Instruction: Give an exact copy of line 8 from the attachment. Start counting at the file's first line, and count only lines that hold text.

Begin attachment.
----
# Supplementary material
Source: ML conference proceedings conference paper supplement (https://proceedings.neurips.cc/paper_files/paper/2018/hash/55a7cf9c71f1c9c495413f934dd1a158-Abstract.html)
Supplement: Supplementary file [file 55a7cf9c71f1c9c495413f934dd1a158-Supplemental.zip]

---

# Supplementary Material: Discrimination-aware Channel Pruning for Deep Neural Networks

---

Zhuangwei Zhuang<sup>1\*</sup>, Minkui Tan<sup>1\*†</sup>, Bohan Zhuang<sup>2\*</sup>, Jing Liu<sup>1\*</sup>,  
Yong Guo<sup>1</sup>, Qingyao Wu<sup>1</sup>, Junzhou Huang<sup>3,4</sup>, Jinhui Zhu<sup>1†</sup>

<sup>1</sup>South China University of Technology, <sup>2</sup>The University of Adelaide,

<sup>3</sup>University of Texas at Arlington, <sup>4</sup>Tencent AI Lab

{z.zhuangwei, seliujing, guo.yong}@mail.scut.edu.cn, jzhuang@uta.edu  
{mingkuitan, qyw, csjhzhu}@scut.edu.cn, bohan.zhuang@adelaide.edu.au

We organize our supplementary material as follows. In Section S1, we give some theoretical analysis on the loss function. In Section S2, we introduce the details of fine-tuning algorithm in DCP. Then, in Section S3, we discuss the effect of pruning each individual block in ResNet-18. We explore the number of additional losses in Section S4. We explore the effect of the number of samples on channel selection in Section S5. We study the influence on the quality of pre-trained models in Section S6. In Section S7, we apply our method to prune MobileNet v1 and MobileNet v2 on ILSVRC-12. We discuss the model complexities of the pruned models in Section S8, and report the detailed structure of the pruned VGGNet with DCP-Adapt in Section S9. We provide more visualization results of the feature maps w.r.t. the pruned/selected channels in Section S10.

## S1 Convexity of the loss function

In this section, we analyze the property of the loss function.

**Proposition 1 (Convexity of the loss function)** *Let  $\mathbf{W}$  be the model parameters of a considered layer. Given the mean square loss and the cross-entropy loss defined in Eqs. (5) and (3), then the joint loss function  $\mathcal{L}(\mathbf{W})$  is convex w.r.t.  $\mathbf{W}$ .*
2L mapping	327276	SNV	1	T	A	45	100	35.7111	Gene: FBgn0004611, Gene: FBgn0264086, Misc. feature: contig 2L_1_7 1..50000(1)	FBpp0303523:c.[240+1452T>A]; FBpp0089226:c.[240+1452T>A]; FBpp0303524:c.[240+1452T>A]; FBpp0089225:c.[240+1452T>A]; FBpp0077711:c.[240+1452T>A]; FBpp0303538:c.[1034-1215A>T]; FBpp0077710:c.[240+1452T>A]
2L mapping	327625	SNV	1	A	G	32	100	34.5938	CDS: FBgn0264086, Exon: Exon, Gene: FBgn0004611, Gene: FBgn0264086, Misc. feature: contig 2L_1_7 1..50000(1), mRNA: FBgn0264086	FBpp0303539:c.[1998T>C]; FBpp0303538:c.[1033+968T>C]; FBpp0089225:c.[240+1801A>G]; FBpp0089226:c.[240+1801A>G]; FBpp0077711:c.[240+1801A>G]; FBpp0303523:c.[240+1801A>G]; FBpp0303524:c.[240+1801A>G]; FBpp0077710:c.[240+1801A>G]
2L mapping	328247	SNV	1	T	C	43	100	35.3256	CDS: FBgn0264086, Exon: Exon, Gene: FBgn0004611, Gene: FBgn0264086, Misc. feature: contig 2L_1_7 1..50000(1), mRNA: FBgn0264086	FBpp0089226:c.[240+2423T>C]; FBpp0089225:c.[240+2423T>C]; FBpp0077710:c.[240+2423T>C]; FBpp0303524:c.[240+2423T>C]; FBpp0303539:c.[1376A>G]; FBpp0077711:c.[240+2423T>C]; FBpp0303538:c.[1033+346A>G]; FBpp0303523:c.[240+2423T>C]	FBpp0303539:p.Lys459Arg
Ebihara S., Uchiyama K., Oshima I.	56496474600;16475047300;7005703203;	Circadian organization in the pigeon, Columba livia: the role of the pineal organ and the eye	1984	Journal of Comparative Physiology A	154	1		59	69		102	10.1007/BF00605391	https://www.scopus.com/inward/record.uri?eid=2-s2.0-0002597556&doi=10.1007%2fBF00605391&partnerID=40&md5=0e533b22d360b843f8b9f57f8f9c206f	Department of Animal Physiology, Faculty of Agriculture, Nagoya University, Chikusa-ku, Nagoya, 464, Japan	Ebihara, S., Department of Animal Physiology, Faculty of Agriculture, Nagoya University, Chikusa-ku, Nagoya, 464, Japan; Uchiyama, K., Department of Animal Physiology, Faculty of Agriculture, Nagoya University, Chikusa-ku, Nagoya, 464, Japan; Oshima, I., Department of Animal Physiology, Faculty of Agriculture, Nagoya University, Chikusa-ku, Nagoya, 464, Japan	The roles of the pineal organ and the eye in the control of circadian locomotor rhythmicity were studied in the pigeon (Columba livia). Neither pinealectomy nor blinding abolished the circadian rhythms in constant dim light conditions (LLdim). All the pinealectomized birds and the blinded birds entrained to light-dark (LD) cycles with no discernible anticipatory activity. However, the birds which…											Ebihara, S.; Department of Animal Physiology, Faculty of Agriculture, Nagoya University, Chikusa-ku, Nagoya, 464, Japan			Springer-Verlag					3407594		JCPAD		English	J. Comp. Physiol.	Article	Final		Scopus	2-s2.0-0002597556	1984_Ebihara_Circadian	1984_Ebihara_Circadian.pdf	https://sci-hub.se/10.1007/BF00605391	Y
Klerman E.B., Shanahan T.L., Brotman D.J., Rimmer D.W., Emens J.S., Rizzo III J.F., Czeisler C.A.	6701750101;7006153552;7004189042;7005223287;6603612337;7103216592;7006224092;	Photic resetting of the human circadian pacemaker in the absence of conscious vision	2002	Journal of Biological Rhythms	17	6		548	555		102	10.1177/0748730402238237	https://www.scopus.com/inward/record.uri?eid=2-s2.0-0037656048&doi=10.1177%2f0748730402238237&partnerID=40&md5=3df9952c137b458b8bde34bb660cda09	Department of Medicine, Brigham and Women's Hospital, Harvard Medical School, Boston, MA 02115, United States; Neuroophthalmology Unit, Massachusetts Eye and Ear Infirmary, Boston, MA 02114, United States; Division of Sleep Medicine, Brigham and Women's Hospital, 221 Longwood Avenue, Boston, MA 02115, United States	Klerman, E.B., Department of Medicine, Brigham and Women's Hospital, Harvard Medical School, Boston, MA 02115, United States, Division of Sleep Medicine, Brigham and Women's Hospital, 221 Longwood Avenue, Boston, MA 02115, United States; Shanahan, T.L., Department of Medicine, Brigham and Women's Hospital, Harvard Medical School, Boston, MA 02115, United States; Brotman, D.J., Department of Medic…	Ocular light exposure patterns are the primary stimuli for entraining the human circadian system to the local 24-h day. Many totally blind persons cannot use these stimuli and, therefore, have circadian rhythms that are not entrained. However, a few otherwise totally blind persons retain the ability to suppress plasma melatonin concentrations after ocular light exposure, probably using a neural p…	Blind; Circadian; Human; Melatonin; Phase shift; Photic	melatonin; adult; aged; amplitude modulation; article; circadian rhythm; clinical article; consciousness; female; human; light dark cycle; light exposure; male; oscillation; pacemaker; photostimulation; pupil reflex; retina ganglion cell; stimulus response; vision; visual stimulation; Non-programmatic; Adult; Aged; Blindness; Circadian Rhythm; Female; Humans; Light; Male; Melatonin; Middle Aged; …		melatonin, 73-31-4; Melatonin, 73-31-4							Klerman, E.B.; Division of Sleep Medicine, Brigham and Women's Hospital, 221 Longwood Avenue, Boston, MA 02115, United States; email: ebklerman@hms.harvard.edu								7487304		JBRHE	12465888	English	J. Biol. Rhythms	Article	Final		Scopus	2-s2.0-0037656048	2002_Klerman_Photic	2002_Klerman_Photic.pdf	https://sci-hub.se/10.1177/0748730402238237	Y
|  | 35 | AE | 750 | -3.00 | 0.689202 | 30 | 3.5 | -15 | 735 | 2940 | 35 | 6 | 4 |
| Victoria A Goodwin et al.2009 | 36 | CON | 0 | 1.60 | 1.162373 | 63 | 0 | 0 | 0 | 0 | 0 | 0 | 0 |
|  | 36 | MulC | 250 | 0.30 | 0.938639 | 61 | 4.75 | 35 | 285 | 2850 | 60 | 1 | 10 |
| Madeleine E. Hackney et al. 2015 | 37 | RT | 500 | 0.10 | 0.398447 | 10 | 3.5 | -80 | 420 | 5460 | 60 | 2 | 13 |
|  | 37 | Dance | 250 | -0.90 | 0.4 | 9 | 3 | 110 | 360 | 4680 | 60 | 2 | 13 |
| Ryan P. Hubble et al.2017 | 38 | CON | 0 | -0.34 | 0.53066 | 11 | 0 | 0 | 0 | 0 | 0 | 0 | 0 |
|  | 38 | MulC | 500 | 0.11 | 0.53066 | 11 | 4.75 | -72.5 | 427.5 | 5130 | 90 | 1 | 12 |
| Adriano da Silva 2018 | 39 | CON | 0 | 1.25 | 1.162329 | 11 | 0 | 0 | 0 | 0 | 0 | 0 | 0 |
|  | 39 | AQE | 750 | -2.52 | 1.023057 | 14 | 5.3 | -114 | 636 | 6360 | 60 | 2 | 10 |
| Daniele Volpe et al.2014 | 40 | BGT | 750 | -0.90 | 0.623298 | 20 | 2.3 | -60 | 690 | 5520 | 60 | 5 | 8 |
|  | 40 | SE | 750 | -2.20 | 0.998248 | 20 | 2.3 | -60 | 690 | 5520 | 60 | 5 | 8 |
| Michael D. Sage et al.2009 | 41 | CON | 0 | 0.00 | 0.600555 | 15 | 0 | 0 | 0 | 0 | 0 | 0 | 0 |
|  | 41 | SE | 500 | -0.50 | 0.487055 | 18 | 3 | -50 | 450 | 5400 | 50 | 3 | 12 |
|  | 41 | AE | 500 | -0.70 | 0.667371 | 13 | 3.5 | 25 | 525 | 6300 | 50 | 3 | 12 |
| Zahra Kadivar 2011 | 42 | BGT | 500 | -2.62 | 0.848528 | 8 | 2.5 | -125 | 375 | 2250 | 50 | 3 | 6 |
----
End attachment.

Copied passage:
Yong Guo<sup>1</sup>, Qingyao Wu<sup>1</sup>, Junzhou Huang<sup>3,4</sup>, Jinhui Zhu<sup>1†</sup>